NASA’s Cassini spacecraft has taken its first plunge past Saturn, and the results are pretty amazing. On its dive, Cassini goes from 45,000 miles from Saturn’s surface to as close as 4,200 miles from the spinning cloud cover, and it even threaded the needle by passing between the planet and its famous rings — where Cassini was hit by a few stray particles.
The brief video above shows some of the highlights of the first pass, and you can read about the first pass, and get links to the longer videos, here. Forget the fact that the video footage from Cassini is black and white, and focus on the fact that we are seeing video taken from a planet that is more than 750 million miles away from our little part of the universe. And take a good look at Saturn’s incredible strangeness — like the defined hexagonal shape that is formed by the cloud formations at Saturn’s north pole and the completely distinct eye that is found at the center of the polar vortex. What could cause the clouds to form such unusual, seemingly unnatural shapes?
Why, aliens, of course.
Yesterday, NASA’s Cassini spacecraft began the final stage of its mission — a series of maneuvers that will give the probe a close-up look at the rings of Saturn.
First launched in 1997, Cassini has been knocking around the outer reaches of the solar system for years, exploring Saturn and its moons, and it has made some interesting discoveries. Cassini’s foray into Saturn’s rings will be its grand finale. The spacecraft will dive into the gap between Saturn and its rings, loop around the planet’s poles, and take a closer look at Saturn’s idiosyncratic features and study the gas and dust particles that make up the rings.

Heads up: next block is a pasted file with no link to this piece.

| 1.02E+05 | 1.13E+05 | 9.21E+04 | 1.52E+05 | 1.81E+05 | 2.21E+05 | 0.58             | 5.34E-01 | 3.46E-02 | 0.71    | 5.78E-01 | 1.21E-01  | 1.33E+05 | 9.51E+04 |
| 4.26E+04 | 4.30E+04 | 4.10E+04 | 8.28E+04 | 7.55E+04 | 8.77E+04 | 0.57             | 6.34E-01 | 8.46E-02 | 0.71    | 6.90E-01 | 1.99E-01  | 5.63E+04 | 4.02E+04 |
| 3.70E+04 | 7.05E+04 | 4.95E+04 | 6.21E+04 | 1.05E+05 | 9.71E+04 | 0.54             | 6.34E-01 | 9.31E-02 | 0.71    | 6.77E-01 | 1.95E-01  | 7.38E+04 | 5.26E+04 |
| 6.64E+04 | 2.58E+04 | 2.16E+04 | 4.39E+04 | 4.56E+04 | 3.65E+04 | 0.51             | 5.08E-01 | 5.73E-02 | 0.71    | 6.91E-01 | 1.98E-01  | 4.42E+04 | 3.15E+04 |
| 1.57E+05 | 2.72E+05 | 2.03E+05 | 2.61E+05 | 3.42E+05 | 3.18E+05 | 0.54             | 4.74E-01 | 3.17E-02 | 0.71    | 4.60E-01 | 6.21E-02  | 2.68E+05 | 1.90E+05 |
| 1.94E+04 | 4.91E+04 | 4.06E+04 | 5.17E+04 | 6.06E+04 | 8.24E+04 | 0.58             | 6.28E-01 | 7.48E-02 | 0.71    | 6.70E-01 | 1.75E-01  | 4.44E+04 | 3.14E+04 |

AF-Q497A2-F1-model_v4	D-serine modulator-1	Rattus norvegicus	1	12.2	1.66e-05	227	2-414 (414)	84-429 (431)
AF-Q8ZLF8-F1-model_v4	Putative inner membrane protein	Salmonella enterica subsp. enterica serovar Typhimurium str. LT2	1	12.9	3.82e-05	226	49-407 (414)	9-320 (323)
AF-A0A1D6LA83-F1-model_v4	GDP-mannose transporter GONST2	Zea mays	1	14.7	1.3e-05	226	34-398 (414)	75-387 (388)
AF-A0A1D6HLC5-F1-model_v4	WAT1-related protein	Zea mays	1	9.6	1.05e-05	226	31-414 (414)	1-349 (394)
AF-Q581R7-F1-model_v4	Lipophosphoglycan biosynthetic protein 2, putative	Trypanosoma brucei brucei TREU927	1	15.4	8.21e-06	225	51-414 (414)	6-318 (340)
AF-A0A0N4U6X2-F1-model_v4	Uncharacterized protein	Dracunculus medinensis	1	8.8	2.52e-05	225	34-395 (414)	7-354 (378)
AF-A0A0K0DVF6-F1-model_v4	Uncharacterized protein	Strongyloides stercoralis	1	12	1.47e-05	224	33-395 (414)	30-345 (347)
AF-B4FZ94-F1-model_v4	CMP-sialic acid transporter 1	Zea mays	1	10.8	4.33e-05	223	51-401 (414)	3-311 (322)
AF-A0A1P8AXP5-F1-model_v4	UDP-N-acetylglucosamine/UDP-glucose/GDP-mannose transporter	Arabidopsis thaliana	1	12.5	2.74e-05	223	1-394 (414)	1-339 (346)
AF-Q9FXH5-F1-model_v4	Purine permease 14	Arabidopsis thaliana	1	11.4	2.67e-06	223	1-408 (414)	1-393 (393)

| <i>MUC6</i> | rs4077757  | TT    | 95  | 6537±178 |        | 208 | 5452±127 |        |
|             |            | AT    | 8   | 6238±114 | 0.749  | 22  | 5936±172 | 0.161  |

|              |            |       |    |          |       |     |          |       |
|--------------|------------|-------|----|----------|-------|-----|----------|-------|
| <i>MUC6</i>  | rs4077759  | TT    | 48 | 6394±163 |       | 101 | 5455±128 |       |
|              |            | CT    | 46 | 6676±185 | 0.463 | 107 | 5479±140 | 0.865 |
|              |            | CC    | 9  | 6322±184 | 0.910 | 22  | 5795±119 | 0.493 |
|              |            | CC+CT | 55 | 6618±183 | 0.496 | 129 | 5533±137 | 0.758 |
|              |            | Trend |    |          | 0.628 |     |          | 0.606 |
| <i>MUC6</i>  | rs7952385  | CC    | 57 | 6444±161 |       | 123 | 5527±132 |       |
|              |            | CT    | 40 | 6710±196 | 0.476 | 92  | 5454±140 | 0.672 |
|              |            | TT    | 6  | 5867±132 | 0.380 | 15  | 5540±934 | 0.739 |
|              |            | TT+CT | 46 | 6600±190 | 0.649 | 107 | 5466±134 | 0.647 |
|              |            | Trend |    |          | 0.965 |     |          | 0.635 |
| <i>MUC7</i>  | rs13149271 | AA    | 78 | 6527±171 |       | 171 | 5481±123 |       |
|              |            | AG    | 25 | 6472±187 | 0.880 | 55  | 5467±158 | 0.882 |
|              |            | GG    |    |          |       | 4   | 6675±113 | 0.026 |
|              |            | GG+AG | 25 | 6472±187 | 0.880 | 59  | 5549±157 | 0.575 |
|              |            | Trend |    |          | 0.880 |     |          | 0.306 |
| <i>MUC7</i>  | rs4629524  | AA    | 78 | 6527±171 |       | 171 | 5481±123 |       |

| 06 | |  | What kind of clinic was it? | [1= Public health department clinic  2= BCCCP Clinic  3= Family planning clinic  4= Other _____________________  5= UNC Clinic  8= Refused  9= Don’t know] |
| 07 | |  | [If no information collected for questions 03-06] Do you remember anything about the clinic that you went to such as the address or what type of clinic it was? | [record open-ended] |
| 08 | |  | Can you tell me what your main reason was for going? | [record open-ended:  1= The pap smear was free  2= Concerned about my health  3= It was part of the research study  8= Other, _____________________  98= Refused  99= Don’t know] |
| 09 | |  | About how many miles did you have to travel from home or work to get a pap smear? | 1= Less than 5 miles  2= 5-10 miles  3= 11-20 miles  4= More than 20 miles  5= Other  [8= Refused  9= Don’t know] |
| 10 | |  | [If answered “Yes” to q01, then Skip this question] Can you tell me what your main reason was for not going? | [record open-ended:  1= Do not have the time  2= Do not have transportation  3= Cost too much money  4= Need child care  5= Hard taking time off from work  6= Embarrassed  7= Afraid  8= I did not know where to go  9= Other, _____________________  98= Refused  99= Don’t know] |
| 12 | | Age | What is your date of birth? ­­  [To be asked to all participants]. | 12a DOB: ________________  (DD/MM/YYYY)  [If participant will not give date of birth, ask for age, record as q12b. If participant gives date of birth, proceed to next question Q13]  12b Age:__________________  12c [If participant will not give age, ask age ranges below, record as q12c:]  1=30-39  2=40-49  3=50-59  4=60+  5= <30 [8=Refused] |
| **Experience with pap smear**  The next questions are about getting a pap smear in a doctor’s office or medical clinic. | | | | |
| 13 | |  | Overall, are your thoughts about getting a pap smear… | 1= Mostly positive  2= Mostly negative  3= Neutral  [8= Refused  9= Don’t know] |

The mission then will close with Cassini flying close to the planet’s surface and ultimately plummeting into Saturn’s atmosphere in a final suicidal act. By then, Cassini will be out of fuel, and scientists don’t want to take the chance that the spacecraft could somehow crash into one of Saturn’s moons — moons that might be habitable — so Cassini will be intentionally steered into the planet to go out in a blaze of glory.
Saturn’s rings were first seen by humans in 1610, when Galileo Galilei turned his telescope to the night sky, and they have been the object of wonder and fascination ever since. The final stages of Cassini’s two-decade mission will give us more information about the rings than we have ever had before. And it may answer some nagging questions, like whether the rings are the same age as the planet itself, or were they formed later? And are there small moons embedded in the rings that might explain their shape and configuration?
NASA’s unmanned space exploration program should be the source of pride to all Americans. Through countless missions to the inner and out solar system, it has added exposed our planetary neighborhood as a constantly surprising place, with potential sources of water, rich mineral deposits, and places that might conceivably harbor other forms of life. The Cassini mission is just the latest chapter in an ever-encouraging tale that shows that the human impulse to explore and discover still runs strong.